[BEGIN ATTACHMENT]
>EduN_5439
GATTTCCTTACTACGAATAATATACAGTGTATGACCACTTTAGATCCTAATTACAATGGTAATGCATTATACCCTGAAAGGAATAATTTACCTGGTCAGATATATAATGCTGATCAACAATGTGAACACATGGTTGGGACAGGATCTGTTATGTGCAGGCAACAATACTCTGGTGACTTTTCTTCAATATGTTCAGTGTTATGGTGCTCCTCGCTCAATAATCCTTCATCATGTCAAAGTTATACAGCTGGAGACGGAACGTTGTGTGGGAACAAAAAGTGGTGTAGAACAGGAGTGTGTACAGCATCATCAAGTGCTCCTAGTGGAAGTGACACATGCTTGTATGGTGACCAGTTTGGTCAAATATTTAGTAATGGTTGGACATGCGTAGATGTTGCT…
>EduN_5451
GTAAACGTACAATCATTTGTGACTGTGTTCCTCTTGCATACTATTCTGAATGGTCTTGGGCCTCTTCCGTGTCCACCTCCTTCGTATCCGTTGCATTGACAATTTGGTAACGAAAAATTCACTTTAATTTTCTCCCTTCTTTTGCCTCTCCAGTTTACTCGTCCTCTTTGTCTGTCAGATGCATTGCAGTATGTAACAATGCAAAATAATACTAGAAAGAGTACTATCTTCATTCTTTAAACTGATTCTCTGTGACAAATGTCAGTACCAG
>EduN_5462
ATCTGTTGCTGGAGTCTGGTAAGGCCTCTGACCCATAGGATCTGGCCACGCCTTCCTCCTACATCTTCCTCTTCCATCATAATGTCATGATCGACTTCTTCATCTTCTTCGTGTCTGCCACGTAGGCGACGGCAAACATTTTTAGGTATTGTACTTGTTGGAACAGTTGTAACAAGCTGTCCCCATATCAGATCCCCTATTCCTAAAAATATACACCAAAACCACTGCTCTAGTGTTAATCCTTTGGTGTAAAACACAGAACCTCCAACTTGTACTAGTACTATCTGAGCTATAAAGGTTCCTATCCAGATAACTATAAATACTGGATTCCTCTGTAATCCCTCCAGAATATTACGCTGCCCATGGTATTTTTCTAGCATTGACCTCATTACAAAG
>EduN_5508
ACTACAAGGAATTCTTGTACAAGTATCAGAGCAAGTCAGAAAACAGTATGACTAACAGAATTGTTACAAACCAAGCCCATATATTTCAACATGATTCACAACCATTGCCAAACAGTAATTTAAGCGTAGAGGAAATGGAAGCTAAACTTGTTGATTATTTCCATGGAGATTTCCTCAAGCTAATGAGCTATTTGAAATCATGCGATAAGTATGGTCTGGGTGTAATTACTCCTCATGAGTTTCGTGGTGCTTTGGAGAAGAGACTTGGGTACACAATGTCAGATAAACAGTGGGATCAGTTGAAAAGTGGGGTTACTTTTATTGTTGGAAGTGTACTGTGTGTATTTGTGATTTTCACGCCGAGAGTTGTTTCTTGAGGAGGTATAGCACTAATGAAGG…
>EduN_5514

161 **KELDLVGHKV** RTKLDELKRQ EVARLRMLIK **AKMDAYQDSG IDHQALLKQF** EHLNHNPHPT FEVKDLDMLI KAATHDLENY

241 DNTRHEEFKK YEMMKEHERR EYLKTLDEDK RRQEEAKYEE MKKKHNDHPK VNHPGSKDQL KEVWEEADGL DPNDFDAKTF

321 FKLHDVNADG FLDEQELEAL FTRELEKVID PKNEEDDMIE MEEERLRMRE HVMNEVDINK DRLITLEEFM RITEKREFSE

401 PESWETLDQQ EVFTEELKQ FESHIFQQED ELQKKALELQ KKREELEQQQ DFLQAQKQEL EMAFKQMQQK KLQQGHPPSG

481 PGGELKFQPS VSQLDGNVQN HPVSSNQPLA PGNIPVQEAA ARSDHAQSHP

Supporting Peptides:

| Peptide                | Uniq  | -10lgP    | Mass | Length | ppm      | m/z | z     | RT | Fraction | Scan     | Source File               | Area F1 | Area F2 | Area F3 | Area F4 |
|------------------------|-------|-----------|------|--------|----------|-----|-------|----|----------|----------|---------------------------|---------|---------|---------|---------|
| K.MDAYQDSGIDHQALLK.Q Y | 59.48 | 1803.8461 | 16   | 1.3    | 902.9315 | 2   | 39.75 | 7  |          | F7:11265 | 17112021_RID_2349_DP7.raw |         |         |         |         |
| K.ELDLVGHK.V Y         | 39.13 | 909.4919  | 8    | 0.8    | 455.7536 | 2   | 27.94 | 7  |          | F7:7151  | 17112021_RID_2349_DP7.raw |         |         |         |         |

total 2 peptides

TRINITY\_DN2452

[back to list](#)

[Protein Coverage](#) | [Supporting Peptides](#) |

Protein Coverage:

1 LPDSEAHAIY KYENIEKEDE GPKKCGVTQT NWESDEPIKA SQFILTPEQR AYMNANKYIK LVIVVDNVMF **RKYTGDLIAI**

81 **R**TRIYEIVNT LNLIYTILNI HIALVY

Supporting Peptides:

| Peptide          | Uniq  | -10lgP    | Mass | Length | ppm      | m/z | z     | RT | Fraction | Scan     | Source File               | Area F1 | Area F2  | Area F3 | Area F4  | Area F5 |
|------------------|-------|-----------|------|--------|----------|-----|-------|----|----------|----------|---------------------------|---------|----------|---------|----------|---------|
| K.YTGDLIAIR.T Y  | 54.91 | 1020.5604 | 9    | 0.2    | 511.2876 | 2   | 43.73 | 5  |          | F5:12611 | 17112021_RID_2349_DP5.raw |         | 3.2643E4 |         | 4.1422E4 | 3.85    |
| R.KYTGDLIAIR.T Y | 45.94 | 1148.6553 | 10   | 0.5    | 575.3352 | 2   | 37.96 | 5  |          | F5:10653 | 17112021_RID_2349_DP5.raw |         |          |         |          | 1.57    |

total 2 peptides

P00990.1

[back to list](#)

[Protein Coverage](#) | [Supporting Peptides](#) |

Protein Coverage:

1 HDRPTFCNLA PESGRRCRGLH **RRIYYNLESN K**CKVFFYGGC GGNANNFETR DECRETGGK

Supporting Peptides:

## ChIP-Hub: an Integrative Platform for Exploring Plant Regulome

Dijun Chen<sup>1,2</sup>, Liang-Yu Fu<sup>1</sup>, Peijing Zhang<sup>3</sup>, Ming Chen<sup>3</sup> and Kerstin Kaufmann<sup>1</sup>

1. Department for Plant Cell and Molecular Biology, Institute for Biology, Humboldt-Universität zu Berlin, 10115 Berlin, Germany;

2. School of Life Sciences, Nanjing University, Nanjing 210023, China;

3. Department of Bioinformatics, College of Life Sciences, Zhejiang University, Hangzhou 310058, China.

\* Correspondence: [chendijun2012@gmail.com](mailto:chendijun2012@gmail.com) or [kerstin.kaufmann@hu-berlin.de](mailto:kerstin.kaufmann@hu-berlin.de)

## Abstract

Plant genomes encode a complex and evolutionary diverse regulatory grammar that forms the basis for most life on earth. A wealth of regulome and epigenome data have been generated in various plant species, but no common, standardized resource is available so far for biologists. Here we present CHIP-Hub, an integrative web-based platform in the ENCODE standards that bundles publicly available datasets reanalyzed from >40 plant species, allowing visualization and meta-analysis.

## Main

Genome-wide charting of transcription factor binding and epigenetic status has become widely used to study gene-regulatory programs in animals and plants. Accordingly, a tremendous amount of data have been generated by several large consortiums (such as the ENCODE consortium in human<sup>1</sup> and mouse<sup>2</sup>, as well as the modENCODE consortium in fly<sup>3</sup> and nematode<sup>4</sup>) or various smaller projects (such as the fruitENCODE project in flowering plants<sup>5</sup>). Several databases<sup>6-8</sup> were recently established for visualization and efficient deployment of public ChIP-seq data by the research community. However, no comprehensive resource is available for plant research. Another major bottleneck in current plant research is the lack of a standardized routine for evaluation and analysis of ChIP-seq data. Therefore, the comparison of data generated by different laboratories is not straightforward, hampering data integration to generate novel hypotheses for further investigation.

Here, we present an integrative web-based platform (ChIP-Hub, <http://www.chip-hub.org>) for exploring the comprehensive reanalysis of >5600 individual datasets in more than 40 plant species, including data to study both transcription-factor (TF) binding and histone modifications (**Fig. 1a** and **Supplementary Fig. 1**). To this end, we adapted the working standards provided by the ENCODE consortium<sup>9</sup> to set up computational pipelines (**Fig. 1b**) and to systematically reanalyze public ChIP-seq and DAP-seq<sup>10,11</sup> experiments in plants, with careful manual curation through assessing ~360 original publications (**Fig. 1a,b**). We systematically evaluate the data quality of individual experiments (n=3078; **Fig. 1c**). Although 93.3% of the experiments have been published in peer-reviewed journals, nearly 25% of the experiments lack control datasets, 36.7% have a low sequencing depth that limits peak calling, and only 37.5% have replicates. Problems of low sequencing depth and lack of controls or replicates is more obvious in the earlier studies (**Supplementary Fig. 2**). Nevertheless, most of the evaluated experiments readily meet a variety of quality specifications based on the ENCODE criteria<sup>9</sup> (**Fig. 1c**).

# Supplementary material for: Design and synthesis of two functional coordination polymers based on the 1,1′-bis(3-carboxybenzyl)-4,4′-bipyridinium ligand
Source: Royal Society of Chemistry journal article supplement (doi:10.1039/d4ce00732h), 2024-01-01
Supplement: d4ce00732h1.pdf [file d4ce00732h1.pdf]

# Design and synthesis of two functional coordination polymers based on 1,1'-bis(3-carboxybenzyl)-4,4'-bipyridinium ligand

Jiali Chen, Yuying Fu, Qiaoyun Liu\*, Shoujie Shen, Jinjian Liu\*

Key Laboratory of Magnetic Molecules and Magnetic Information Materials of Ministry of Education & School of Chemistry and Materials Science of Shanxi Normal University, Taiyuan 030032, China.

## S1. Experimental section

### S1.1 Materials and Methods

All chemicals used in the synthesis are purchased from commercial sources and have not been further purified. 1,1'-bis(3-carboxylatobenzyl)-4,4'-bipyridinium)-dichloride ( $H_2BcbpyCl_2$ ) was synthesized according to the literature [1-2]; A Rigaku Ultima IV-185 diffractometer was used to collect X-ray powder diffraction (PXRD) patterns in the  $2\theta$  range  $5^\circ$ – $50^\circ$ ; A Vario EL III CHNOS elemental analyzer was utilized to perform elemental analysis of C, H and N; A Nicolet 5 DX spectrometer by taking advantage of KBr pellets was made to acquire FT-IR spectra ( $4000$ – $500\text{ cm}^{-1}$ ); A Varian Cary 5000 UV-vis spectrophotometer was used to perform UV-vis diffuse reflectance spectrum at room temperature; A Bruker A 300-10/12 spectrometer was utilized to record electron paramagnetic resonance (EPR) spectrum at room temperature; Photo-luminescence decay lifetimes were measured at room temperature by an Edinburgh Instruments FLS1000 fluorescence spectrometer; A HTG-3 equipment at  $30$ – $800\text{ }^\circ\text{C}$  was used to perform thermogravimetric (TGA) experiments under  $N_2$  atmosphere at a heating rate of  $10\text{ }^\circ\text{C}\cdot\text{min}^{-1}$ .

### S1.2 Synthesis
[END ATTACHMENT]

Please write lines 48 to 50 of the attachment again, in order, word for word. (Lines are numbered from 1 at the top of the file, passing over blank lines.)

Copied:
Genome-wide charting of transcription factor binding and epigenetic status has become widely used to study gene-regulatory programs in animals and plants. Accordingly, a tremendous amount of data have been generated by several large consortiums (such as the ENCODE consortium in human<sup>1</sup> and mouse<sup>2</sup>, as well as the modENCODE consortium in fly<sup>3</sup> and nematode<sup>4</sup>) or various smaller projects (such as the fruitENCODE project in flowering plants<sup>5</sup>). Several databases<sup>6-8</sup> were recently established for visualization and efficient deployment of public ChIP-seq data by the research community. However, no comprehensive resource is available for plant research. Another major bottleneck in current plant research is the lack of a standardized routine for evaluation and analysis of ChIP-seq data. Therefore, the comparison of data generated by different laboratories is not straightforward, hampering data integration to generate novel hypotheses for further investigation.

Here, we present an integrative web-based platform (ChIP-Hub, <http://www.chip-hub.org>) for exploring the comprehensive reanalysis of >5600 individual datasets in more than 40 plant species, including data to study both transcription-factor (TF) binding and histone modifications (**Fig. 1a** and **Supplementary Fig. 1**). To this end, we adapted the working standards provided by the ENCODE consortium<sup>9</sup> to set up computational pipelines (**Fig. 1b**) and to systematically reanalyze public ChIP-seq and DAP-seq<sup>10,11</sup> experiments in plants, with careful manual curation through assessing ~360 original publications (**Fig. 1a,b**). We systematically evaluate the data quality of individual experiments (n=3078; **Fig. 1c**). Although 93.3% of the experiments have been published in peer-reviewed journals, nearly 25% of the experiments lack control datasets, 36.7% have a low sequencing depth that limits peak calling, and only 37.5% have replicates. Problems of low sequencing depth and lack of controls or replicates is more obvious in the earlier studies (**Supplementary Fig. 2**). Nevertheless, most of the evaluated experiments readily meet a variety of quality specifications based on the ENCODE criteria<sup>9</sup> (**Fig. 1c**).

# Supplementary material for: Design and synthesis of two functional coordination polymers based on the 1,1′-bis(3-carboxybenzyl)-4,4′-bipyridinium ligand